Africa’s overall fiscal deficit in 2016 remained unchanged from 2015 at 5.9 per cent, the United Nations Economic Commission for Africa (ECA) has said.

The commission’s Economic Report on Africa (ERA, 2017) obtained from its website on Friday said that the maintenance was due to spending cuts and increased utilisation of external reserves to fund development projects in some countries.
The report is titled: “Urbanization and Industrialization for Africa’s Transformation.”

It said that North Africa continued to have the largest fiscal deficit on the continent, in spite of a slight decline due to a stable fiscal deficit in Algeria and a narrowing one in Egypt.

It also said that spending cuts on large infrastructure projects in Algeria were offset by a further rise in social spending, while the phasing out of fuel subsidies helped to reduce Egypt’s fiscal deficit.

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”The fiscal deficit in Southern Africa remained unchanged at 4.4 per cent of Gross Domestic Product (GDP),” it said.

“Although South Africa’s increased because of slow growth in revenue and heavier spending, this was counterbalanced by declining deficits elsewhere.

The report stated that East Africa’s fiscal deficit widened from 4.0 per cent to 4.6 per cent in 2016, reflecting expansionary fiscal policies.

It said that this was mostly evident in Ethiopia because it spent notably on infrastructure.

Kenya recorded a new railway line, sharply increased government salaries and transfers to new counties, while Uganda established hydropower projects.

It said that the fiscal deficit widened in West Africa in 2016, from 1.8 per cent to 2.8 per cent of GDP, largely reflecting in Nigeria with an increase in public spending, especially on security.

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In Côte d’Ivoire, there was an increase in the minimum wage, higher security spending and heavier public investment on infrastructure.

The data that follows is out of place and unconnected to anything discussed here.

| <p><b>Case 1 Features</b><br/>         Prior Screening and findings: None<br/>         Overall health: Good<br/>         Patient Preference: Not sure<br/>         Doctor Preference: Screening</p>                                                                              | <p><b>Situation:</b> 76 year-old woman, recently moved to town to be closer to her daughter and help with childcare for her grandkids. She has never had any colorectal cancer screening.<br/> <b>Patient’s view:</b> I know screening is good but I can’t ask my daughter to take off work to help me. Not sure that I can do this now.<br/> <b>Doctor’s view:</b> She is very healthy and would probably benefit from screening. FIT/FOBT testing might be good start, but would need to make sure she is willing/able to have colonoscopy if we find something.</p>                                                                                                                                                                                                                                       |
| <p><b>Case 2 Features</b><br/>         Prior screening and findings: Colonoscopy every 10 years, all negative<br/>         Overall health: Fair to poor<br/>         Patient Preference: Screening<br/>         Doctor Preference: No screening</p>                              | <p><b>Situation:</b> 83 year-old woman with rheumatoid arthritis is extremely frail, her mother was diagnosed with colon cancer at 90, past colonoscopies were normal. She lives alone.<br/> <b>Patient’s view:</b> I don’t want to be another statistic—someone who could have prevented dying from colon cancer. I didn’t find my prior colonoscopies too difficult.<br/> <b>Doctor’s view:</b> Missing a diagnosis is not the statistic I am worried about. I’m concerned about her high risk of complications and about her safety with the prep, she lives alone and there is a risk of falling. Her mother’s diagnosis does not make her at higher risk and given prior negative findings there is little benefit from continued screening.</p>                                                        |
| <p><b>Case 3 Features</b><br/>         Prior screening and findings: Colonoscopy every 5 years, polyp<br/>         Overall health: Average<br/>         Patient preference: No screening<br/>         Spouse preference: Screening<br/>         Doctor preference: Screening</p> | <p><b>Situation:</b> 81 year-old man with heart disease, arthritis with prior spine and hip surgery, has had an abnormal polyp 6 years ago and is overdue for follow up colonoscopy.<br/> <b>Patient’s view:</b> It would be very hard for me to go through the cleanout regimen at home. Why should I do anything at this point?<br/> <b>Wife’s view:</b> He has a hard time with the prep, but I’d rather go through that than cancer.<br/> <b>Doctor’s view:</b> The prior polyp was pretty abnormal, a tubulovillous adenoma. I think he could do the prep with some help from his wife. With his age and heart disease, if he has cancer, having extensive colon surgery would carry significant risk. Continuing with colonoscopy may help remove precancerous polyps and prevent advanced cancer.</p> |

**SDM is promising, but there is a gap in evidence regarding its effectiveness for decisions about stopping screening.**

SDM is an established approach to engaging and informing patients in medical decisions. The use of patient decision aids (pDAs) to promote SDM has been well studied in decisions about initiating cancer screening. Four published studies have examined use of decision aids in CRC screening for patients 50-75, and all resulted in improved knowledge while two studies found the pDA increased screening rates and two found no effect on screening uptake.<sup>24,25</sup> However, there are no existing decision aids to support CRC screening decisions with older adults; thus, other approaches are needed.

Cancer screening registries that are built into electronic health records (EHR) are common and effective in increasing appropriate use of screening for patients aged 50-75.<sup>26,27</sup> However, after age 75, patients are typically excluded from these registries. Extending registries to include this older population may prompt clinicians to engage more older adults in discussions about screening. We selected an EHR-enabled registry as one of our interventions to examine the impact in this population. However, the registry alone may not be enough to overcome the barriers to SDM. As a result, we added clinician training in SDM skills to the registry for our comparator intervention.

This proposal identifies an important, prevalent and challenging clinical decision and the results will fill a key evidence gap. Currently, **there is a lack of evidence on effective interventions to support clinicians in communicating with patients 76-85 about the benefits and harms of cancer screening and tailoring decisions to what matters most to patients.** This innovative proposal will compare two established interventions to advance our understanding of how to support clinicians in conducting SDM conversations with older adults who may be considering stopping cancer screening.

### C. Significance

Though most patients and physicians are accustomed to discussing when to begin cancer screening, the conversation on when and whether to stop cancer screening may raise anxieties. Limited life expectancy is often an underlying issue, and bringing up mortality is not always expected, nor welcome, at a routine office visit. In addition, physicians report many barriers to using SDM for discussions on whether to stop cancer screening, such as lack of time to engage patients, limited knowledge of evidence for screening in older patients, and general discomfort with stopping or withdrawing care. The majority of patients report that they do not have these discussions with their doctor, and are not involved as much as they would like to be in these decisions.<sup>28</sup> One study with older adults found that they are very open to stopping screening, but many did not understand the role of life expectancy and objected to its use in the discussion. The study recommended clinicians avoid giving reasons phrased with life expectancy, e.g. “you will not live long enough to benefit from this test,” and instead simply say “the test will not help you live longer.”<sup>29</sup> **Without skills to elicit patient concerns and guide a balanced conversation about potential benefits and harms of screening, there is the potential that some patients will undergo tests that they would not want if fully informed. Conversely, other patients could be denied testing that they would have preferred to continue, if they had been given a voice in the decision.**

In Ghana, election-related expenses and greater spending on public sector wages was recorded.

In Central Africa, the fiscal deficit widened from 5.1 per cent in 2015 to 5.8 per cent of GDP in 2016.

This is mainly because of expansionary fiscal policies in Cameroon, arising from public expenditure on transport and power infrastructure and lower oil revenue.

“Equatorial Guinea was occasioned by increased public investment in infrastructure and lower oil revenue, and in Congo due to government spending on public sector wages and lower oil revenue.

“Largely driven by low oil prices, as a group, the oil exporting countries’ fiscal deficit widened further from 6.2 per cent to 6.5 per cent of GDP in 2016.

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“In contrast, oil-importing countries’ fiscal deficit improved marginally from 5.6 per cent to 5.5 per cent.

“The mineral rich countries’ fiscal deficit was the second highest on the continent, though it slightly declined from 6.5 per cent of GDP in 2015 to 6.1 per cent in 2016.’’

The report, however, said that African inflation climbed to 10 per cent from 7.5 per cent and was expected to remain at about the rate in 2017.

It said that domestic supply-side factors like drought, rising electricity prices and falling currencies were factors that contributed to inflation on the continent.

The report examines how the continent can accelerate industrialization as a vehicle for Africa’s structural transformation by harnessing opportunities arising from rapid urbanization.


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